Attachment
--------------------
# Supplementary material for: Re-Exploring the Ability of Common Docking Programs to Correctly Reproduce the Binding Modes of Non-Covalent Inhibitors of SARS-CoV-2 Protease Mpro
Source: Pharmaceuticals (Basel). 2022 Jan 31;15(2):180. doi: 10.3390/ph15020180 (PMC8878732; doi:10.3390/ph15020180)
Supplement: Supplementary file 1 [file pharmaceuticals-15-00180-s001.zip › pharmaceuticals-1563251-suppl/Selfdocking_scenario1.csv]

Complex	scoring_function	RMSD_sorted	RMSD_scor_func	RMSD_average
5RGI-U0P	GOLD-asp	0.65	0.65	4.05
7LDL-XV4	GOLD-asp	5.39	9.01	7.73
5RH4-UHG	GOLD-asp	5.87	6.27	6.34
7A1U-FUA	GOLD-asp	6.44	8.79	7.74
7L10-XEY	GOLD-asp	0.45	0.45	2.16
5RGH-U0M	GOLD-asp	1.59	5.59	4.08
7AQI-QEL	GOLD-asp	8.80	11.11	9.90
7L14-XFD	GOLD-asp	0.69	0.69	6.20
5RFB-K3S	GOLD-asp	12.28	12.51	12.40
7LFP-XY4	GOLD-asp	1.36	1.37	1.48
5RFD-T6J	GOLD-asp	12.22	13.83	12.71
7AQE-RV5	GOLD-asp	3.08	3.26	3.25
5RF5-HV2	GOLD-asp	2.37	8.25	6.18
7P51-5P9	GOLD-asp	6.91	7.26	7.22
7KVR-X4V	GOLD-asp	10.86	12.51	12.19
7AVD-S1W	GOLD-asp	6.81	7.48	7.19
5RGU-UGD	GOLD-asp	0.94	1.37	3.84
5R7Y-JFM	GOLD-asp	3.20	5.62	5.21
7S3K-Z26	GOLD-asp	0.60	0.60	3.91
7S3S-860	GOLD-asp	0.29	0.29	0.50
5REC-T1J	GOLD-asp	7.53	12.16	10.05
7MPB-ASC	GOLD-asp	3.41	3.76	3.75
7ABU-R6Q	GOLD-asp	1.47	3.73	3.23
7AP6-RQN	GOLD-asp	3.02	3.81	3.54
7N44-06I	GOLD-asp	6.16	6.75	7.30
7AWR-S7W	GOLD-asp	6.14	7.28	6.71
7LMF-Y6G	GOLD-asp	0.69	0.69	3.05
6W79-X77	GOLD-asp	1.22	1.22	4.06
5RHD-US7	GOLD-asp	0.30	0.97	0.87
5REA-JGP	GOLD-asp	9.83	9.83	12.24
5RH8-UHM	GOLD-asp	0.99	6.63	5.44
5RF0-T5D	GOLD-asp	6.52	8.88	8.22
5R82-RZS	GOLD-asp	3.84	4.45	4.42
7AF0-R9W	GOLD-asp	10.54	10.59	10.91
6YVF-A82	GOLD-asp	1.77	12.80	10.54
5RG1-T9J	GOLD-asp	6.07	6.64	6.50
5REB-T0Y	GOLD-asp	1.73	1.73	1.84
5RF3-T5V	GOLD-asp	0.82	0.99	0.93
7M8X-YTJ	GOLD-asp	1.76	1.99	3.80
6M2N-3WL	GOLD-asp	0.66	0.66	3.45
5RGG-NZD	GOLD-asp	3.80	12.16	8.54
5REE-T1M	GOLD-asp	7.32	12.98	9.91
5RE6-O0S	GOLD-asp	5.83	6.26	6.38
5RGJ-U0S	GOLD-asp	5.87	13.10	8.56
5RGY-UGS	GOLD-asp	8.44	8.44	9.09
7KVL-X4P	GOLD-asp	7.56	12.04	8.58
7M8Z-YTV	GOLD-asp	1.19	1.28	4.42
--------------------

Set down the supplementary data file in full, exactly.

# Supplementary material for: Re-Exploring the Ability of Common Docking Programs to Correctly Reproduce the Binding Modes of Non-Covalent Inhibitors of SARS-CoV-2 Protease Mpro
Source: Pharmaceuticals (Basel). 2022 Jan 31;15(2):180. doi: 10.3390/ph15020180 (PMC8878732; doi:10.3390/ph15020180)
Supplement: Supplementary file 1 [file pharmaceuticals-15-00180-s001.zip › pharmaceuticals-1563251-suppl/Selfdocking_scenario1.csv]

Complex	scoring_function	RMSD_sorted	RMSD_scor_func	RMSD_average
5RGI-U0P	GOLD-asp	0.65	0.65	4.05
7LDL-XV4	GOLD-asp	5.39	9.01	7.73
5RH4-UHG	GOLD-asp	5.87	6.27	6.34
7A1U-FUA	GOLD-asp	6.44	8.79	7.74
7L10-XEY	GOLD-asp	0.45	0.45	2.16
5RGH-U0M	GOLD-asp	1.59	5.59	4.08
7AQI-QEL	GOLD-asp	8.80	11.11	9.90
7L14-XFD	GOLD-asp	0.69	0.69	6.20
5RFB-K3S	GOLD-asp	12.28	12.51	12.40
7LFP-XY4	GOLD-asp	1.36	1.37	1.48
5RFD-T6J	GOLD-asp	12.22	13.83	12.71
7AQE-RV5	GOLD-asp	3.08	3.26	3.25
5RF5-HV2	GOLD-asp	2.37	8.25	6.18
7P51-5P9	GOLD-asp	6.91	7.26	7.22
7KVR-X4V	GOLD-asp	10.86	12.51	12.19
7AVD-S1W	GOLD-asp	6.81	7.48	7.19
5RGU-UGD	GOLD-asp	0.94	1.37	3.84
5R7Y-JFM	GOLD-asp	3.20	5.62	5.21
7S3K-Z26	GOLD-asp	0.60	0.60	3.91
7S3S-860	GOLD-asp	0.29	0.29	0.50
5REC-T1J	GOLD-asp	7.53	12.16	10.05
7MPB-ASC	GOLD-asp	3.41	3.76	3.75
7ABU-R6Q	GOLD-asp	1.47	3.73	3.23
7AP6-RQN	GOLD-asp	3.02	3.81	3.54
7N44-06I	GOLD-asp	6.16	6.75	7.30
7AWR-S7W	GOLD-asp	6.14	7.28	6.71
7LMF-Y6G	GOLD-asp	0.69	0.69	3.05
6W79-X77	GOLD-asp	1.22	1.22	4.06
5RHD-US7	GOLD-asp	0.30	0.97	0.87
5REA-JGP	GOLD-asp	9.83	9.83	12.24
5RH8-UHM	GOLD-asp	0.99	6.63	5.44
5RF0-T5D	GOLD-asp	6.52	8.88	8.22
5R82-RZS	GOLD-asp	3.84	4.45	4.42
7AF0-R9W	GOLD-asp	10.54	10.59	10.91
6YVF-A82	GOLD-asp	1.77	12.80	10.54
5RG1-T9J	GOLD-asp	6.07	6.64	6.50
5REB-T0Y	GOLD-asp	1.73	1.73	1.84
5RF3-T5V	GOLD-asp	0.82	0.99	0.93
7M8X-YTJ	GOLD-asp	1.76	1.99	3.80
6M2N-3WL	GOLD-asp	0.66	0.66	3.45
5RGG-NZD	GOLD-asp	3.80	12.16	8.54
5REE-T1M	GOLD-asp	7.32	12.98	9.91
5RE6-O0S	GOLD-asp	5.83	6.26	6.38
5RGJ-U0S	GOLD-asp	5.87	13.10	8.56
5RGY-UGS	GOLD-asp	8.44	8.44	9.09
7KVL-X4P	GOLD-asp	7.56	12.04	8.58
7M8Z-YTV	GOLD-asp	1.19	1.28	4.42